Search tips
Search criteria 


Logo of aryaathArchiveInstruction for AuthorsSubmit OnlineCurrent IssueSearchFarzanegan Radandish Co.
ARYA Atheroscler. 2012 Summer; 8(2): 55–58.
PMCID: PMC3463993

Comparing the effects of a cardiac rehabilitation program on functional capacity of obese and non-obese women with coronary artery disease



Obesity and sedentary lifestyle are known as important risk factors of coronary artery disease. The prevalence of obesity has increased among both men and women in the world. Therefore, the present study tried to evaluate the effectiveness of a cardiac rehabilitation program on functional capacity and body mass index (BMI) in obese and non-obese women with coronary artery disease.


In an observational study during 2000-11, we evaluated a total of 205 women with coronary artery disease who referred to the cardiac rehabilitation unit of Isfahan Cardiovascular Research Institute, Isfahan, Iran. BMI and functional capacity of each patient were assessed before and after the program. The patients were categorized as obese or non-obese based on their BMI. All participants completed the full course of the program. Data was analyzed by independent t-test and paired t-test in SPSS15.


Our finding showed that an 8-week cardiac rehabilitation program had significant effects on functional capacity in obese and non-obese female patients (P < 0.01 for both). The program also resulted in BMI improvements in both groups (P < 0.01 for both). Comparing the changes in the two groups did not reveal any significant differences in functional capacity. However, the two groups were significantly different in terms of BMI changes.


Cardiac rehabilitation programs are a major step in restoration of functional capacity and improvement of BMI in obese and non-obese women with coronary artery disease.

Keywords: Cardiac Rehabilitation Program, Coronary Artery Disease, Obesity, Functional Capacity, Body Mass Index


Obesity and sedentary lifestyle are parallel important risk factors that increase the risk of coronary artery disease (CAD) in women.1 The prevalence of obesity has risen among both men and women throughout the world.2,3 Obesity is identified based on body mass index (BMI). It is defined as a BMI ≥ 30 kg/m2 and thus means an excess body weight for a particular height.2,4,5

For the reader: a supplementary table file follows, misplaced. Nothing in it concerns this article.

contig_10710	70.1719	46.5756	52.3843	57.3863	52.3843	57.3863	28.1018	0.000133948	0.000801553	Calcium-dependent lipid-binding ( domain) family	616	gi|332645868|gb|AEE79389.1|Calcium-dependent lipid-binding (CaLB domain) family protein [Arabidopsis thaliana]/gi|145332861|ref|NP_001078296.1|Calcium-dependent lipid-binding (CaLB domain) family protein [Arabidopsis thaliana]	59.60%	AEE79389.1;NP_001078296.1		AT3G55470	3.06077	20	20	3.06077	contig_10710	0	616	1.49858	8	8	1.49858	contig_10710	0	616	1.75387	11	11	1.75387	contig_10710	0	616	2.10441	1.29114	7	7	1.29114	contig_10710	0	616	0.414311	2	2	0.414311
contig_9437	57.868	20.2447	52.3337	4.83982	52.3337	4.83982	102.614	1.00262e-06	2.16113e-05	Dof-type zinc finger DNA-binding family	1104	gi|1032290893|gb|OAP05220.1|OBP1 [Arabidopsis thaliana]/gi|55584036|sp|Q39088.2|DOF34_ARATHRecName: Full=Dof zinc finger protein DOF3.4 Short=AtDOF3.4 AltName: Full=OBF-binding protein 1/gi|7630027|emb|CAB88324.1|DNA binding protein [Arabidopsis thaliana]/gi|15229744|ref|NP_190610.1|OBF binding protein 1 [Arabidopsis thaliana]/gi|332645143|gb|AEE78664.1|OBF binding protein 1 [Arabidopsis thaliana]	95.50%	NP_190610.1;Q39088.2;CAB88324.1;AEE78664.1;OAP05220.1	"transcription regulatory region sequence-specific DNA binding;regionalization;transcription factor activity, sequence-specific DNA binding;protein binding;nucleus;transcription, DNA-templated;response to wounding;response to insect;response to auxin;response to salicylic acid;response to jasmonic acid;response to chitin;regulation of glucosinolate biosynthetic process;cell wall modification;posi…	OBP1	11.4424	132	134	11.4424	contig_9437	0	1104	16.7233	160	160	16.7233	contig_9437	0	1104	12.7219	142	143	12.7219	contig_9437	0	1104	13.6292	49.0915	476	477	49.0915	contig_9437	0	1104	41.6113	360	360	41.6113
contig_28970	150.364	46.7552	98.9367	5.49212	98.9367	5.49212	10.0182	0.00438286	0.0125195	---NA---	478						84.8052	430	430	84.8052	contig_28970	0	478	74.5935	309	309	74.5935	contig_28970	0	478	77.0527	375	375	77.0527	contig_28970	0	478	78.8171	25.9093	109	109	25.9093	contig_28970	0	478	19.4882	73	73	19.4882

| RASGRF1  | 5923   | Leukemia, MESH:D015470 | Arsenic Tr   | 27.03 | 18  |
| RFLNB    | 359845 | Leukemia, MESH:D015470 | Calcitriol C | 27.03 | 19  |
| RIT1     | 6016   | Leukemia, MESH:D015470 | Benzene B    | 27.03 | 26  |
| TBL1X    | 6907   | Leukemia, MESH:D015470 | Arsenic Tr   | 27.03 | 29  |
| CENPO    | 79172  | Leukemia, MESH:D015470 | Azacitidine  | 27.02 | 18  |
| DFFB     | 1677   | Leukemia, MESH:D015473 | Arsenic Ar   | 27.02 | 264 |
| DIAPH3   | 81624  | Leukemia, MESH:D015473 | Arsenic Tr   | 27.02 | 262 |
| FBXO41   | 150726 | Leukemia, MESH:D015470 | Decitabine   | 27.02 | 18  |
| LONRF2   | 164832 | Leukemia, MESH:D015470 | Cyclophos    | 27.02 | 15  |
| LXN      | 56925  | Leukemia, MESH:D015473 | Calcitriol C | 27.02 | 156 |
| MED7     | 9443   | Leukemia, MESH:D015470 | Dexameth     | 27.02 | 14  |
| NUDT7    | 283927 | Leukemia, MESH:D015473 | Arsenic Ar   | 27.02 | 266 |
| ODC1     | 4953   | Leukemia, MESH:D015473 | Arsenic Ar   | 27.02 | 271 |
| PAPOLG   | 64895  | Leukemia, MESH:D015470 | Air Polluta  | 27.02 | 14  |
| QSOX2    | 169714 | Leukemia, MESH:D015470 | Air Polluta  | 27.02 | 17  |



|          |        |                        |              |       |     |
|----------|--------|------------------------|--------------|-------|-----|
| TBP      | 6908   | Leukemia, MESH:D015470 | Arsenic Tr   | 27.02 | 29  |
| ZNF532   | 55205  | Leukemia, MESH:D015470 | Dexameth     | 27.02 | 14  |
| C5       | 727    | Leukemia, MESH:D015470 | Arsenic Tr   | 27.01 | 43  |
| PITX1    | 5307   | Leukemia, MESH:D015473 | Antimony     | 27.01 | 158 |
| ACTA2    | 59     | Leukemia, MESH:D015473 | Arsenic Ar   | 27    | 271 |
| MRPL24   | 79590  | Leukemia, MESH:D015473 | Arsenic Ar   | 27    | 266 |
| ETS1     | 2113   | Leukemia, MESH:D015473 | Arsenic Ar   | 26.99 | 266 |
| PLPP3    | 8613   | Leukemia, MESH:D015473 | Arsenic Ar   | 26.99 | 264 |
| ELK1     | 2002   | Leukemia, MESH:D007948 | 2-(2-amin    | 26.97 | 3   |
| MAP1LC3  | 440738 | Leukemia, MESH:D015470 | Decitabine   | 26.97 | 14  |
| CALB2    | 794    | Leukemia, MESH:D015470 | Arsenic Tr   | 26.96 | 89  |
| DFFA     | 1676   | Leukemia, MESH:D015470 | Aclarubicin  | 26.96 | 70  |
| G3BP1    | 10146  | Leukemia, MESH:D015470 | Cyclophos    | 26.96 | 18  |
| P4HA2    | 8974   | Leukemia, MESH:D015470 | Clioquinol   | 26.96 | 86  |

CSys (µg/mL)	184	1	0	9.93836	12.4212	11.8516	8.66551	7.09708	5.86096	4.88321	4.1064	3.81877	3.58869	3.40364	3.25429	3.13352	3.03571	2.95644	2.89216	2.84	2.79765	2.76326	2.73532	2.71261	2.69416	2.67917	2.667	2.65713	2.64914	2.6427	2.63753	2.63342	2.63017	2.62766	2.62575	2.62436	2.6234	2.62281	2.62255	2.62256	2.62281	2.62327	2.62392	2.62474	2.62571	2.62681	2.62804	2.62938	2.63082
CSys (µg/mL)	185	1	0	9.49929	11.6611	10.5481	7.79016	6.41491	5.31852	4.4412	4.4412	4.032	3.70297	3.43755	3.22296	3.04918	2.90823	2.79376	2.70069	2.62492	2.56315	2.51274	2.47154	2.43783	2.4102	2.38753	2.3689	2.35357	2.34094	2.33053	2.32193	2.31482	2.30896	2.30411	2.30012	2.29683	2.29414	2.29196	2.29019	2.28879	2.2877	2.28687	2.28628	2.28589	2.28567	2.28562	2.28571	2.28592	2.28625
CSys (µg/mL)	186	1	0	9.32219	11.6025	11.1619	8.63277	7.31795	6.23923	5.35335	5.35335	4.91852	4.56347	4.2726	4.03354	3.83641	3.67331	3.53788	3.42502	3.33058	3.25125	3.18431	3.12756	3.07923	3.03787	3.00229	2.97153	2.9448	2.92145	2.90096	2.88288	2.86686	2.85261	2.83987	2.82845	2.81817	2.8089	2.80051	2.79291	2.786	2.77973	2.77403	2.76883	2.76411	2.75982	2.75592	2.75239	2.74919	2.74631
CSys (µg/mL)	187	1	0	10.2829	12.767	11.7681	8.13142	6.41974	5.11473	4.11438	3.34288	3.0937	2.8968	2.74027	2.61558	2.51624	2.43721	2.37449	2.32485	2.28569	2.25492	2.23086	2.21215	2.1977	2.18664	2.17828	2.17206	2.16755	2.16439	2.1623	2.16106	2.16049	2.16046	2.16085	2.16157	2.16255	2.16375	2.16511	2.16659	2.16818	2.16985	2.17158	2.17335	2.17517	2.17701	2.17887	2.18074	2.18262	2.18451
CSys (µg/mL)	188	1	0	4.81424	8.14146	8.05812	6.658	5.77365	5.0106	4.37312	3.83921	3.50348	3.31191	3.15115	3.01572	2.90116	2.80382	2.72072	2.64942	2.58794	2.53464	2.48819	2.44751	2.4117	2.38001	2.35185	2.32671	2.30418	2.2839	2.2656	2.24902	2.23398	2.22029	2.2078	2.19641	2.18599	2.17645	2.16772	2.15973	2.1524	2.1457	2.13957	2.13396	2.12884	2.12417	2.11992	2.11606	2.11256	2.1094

On the other hand, functional capacity (FC) is a strong predictor of mortality and morbidity in patients with CAD.6 Such patients usually suffer from cardiopulmonary and musculoskeletal limitations that greatly lessen their ability to exercise and daily physical tasks.6,7 Most studies have implied significant reductions in risks among active CAD patients compared to sedentary patients.8-10

According to previous research, cardiac rehabilitation programs (CRPs), as an established treatment including the combined and coordinated use of medical, physical, psychosocial, and educational measures to return CAD patients to an active and satisfying lifestyle, are an essential way for improving FC and fitness level of cardiac patients.11-13

Despite the numerous reports about the beneficial effects of CRP and exercise training on FC, limited data is available about the usefulness of CRP in obese cardiac patients, particularly women. Therefore, the purpose of this investigation was to evaluate the effectiveness of CRP on FC and weight reduction in obese female patients with CAD compared to non-obese female patients.

Materials and Methods